Location: Children's Nutrition Research CenterTitle: Effect of early glycemic control in youth-onset type 2 diabetes on longer-term glycemic control and b-cell function: Results from the TODAY Study
|NADEAU, KRISTEN - University Of Colorado|
|EL GHORMLI, LAURE - George Washington University|
|ARSLANIAN, SILVA - University Of Pittsburgh|
|BACHA, FIDA - Children'S Nutrition Research Center (CNRC)|
|CAPRIO, SONIA - Yale University|
|CHAN, CHRISTINE - Children'S Hospital - Denver, Colorado|
|CHAO, LILY - Children'S Hospital Los Angeles|
|RAYAS, MARIA - University Of Texas At San Antonio|
|SISKA, MAGGIE - Billings Clinic|
|ZEITLER, PHILIP - Children'S Hospital - Denver, Colorado|
Submitted to: Diabetes Care
Publication Type: Peer Reviewed Journal
Publication Acceptance Date: 5/15/2023
Publication Date: 6/28/2023
Citation: Nadeau, K.J., El Ghormli, L., Arslanian, S., Bacha, F., Caprio, S., Chan, C., Chao, L.C., Rayas, M., Siska, M.K., Zeitler, P. 2023. Effect of early glycemic control in youth-onset type 2 diabetes on longer-term glycemic control and b-cell function: Results from the TODAY Study. Diabetes Care. 46(8):1507-1514. https://doi.org/10.2337/dc23-0560.
Interpretive Summary: Little is known about the impact of early attainment of tight glucose control on long-term glycemic control in youth-onset type 2 diabetes, and whether early goo control of glucose can prevent the rapid decline in insulin secretion in these children. This study in youth with type 2 diabetes involved in the TODAY study examined whether early good glucose control was protective of the pancreas insulin secretion ability over long-term follow-up of these teens into young adulthood. Researchers from Houston and others demonstrated that early glycemic control in the TODAY study translated to better long-term glycemic control. However, tight early glycemic control did not prevent deterioration of the pancreatic B-cell function. This indicates the need for better prevention of childhood-onset diabetes and different therapies to be introduced early in this age group.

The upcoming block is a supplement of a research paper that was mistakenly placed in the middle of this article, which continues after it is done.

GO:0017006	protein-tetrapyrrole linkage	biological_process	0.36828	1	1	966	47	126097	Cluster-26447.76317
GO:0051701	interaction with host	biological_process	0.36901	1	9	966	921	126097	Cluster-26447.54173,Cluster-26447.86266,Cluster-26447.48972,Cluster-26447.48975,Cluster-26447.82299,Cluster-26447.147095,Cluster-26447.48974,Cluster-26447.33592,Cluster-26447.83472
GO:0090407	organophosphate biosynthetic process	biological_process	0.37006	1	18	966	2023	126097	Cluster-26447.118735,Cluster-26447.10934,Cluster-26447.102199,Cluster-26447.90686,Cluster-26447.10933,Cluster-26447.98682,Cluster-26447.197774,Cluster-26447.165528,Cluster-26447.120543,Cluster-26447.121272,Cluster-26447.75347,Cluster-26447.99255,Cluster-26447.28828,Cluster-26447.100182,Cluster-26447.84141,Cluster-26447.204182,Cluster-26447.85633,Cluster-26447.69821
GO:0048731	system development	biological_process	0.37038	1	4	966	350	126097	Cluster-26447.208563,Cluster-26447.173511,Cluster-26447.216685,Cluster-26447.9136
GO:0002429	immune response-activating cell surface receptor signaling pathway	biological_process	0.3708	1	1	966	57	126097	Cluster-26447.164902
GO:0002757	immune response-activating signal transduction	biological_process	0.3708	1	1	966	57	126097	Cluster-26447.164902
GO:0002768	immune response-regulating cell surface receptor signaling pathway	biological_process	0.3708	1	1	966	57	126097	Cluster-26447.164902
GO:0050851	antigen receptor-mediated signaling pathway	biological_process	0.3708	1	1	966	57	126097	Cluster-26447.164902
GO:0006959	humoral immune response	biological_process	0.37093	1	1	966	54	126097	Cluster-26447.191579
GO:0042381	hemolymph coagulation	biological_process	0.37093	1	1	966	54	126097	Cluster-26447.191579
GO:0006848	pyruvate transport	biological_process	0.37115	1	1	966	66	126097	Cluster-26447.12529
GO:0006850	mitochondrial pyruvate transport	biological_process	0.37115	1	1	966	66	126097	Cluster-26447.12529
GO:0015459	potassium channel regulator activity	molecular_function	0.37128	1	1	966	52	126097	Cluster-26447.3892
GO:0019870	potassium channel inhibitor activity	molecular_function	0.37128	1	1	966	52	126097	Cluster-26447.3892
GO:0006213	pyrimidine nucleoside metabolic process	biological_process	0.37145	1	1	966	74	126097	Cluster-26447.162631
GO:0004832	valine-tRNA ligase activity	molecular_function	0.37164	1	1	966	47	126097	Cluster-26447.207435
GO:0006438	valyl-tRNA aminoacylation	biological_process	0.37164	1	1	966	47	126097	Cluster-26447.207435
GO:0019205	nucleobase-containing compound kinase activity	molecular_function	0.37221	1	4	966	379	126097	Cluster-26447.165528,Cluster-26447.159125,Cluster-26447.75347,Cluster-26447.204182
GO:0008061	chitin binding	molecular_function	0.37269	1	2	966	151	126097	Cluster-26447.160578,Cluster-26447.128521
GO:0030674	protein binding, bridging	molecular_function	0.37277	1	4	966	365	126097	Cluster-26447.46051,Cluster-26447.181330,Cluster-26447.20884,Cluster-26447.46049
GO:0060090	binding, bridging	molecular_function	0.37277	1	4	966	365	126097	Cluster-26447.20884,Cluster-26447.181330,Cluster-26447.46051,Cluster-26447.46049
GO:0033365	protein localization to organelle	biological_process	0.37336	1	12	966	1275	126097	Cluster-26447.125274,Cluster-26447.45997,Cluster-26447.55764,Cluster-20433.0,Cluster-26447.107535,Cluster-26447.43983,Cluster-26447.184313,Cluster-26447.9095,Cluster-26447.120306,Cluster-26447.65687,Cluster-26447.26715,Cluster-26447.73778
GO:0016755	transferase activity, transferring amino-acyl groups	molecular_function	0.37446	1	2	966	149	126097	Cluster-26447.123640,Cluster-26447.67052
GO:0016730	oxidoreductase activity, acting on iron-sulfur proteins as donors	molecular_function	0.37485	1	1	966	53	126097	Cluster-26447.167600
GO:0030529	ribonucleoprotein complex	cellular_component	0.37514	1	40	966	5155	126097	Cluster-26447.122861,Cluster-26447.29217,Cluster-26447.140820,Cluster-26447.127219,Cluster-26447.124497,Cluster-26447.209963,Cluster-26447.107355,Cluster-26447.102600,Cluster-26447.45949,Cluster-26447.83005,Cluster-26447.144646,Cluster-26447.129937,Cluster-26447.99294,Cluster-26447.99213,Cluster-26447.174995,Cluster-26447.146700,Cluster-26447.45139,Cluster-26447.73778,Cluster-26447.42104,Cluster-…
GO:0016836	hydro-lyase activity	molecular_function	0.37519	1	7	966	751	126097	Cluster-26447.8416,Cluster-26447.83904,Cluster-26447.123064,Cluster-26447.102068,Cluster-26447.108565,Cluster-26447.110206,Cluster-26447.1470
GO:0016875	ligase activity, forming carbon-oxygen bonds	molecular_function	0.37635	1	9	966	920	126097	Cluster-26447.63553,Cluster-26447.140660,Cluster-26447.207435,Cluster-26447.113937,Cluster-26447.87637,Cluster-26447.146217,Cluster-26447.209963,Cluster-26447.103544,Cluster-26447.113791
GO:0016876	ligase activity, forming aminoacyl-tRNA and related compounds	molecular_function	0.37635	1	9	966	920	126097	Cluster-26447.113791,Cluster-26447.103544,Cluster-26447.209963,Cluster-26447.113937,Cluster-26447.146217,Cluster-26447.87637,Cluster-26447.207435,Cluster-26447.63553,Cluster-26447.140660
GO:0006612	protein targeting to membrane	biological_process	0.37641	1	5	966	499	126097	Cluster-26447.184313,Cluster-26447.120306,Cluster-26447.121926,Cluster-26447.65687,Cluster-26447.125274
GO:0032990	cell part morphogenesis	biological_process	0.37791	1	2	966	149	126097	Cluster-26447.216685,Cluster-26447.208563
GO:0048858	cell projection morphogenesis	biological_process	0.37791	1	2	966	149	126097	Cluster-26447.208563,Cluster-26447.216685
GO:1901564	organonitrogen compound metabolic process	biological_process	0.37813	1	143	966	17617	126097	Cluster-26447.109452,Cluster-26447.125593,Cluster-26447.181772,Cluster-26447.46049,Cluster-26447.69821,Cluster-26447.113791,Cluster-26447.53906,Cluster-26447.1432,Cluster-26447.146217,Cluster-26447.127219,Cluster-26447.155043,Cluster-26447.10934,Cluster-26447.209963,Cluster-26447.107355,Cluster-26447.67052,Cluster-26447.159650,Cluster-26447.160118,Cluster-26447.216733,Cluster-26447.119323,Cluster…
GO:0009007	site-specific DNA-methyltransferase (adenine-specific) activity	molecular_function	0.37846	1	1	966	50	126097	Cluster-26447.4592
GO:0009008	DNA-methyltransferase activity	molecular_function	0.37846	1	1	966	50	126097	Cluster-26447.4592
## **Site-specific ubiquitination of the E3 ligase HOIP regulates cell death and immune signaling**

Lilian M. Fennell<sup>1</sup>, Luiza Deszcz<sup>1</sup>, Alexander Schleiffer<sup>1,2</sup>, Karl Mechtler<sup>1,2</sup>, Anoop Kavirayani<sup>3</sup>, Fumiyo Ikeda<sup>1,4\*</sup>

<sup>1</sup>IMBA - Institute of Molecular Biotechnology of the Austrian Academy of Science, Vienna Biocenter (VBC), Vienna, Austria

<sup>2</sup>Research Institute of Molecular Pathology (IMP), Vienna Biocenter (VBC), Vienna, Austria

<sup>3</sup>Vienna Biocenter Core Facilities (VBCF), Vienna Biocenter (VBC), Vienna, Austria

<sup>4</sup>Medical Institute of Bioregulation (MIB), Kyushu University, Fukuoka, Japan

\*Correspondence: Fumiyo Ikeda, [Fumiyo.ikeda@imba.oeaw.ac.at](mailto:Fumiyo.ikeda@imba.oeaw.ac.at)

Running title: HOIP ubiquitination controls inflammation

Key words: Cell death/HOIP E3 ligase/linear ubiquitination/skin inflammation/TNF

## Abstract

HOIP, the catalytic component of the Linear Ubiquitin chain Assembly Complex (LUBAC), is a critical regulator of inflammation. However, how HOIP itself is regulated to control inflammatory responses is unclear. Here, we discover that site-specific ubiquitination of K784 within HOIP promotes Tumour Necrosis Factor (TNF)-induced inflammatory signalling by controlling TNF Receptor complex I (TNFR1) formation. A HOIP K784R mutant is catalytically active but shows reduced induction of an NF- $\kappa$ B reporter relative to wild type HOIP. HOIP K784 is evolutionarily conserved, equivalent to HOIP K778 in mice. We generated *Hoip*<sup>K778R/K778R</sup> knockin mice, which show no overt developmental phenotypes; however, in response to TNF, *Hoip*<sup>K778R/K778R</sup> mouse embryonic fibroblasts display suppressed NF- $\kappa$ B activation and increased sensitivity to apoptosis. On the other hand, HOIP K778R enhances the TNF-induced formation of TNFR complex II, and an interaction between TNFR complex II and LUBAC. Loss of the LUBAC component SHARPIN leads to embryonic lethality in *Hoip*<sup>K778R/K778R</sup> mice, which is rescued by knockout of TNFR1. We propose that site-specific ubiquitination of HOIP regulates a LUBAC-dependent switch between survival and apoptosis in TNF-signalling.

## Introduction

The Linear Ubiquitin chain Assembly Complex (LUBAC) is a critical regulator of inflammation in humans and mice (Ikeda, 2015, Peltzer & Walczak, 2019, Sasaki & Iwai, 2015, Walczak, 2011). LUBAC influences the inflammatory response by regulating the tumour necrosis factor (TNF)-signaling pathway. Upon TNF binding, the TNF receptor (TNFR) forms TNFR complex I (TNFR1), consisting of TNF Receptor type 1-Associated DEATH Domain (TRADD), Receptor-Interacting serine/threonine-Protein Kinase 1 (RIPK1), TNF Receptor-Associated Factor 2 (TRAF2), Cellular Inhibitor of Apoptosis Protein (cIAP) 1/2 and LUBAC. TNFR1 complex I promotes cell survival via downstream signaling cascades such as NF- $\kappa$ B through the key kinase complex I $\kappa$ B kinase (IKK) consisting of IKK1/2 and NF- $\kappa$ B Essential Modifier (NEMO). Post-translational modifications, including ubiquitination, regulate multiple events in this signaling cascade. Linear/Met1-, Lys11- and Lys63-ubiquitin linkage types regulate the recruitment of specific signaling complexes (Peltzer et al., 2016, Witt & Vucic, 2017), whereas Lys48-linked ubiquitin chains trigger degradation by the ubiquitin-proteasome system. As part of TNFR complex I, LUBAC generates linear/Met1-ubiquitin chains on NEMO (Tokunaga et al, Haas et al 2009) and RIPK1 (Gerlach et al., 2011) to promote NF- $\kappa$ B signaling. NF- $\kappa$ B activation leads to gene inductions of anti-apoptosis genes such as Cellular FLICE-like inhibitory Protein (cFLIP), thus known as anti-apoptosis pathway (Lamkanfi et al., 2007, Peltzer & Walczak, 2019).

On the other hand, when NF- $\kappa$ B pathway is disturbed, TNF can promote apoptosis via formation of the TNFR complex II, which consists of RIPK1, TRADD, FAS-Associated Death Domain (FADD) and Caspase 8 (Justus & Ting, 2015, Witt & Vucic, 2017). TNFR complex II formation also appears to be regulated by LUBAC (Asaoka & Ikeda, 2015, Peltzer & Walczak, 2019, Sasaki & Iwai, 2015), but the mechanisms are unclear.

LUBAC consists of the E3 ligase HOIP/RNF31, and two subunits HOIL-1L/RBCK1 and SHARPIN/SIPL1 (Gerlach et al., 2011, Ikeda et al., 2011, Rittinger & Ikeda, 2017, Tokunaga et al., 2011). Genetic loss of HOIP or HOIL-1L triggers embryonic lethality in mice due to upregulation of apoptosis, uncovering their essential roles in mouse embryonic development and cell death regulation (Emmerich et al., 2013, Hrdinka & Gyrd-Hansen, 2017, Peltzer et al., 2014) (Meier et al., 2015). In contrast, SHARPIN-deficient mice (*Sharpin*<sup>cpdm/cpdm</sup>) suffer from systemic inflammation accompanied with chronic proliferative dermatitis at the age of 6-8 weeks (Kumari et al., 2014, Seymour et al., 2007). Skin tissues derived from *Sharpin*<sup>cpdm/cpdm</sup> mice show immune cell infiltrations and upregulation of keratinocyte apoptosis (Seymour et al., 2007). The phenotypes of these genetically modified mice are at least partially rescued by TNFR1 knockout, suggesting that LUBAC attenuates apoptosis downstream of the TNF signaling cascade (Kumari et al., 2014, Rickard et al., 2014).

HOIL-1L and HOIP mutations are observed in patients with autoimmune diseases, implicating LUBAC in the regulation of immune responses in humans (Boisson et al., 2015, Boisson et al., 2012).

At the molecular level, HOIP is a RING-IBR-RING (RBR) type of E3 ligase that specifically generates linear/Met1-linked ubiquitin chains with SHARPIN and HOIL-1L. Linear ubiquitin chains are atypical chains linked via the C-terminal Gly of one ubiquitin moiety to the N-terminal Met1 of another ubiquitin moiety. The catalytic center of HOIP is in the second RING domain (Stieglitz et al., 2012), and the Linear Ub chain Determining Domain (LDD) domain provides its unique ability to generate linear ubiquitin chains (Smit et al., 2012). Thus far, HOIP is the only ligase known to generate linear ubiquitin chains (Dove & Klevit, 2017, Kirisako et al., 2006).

Technical Abstract: Little is known about the impact of early attainment of tight glycemic control on long-term B-cell function and glycemic control in youth-onset type 2 diabetes. We examined the effect of the initial 6 months of glycemic control on B-cell function and glycemic control longitudinally over 9 years and the impact of sex, race/ethnicity, and BMI on these relationships in adolescents with youth-onset type 2 diabetes in the Treatment Options for Type 2 Diabetes in Adolescents and Youth (TODAY) study. Oral glucose tolerance tests were performed longitudinally through year 9 to derive estimates of insulin sensitivity and secretion. Early glycemia was defined by mean HbA1c during the first 6 months postrandomization, categorized into five HbA1c groups (<5.7%, 5.7 to <6.4%, 6.4 to <7.0%, 7.0 to <8.0%, and >/-8.0%). The long-term period was defined as the period between years 2 and 9. A total of 656 participants (64.8% female, baseline mean age 14 years, diabetes duration <2 years) had longitudinal data available over an average of 6.4 +/- 3.2 years of follow-up. HbA1c significantly increased in all early glycemic groups during years 2-9, with a steeper increase (+0.40%/year) among participants with the tightest initial control (mean early HbA1c <5.7%), in parallel to a decline in the C-peptide-derived disposition index. Nevertheless, the lower HbA1c categories continued to have relatively lower HbA1c over time. Early tight glycemic control in the TODAY study was related to B-cell reserve and translated to better long-term glycemic control. However, tight early glycemic control on the randomized treatment in the TODAY study did not prevent deterioration of B-cell function.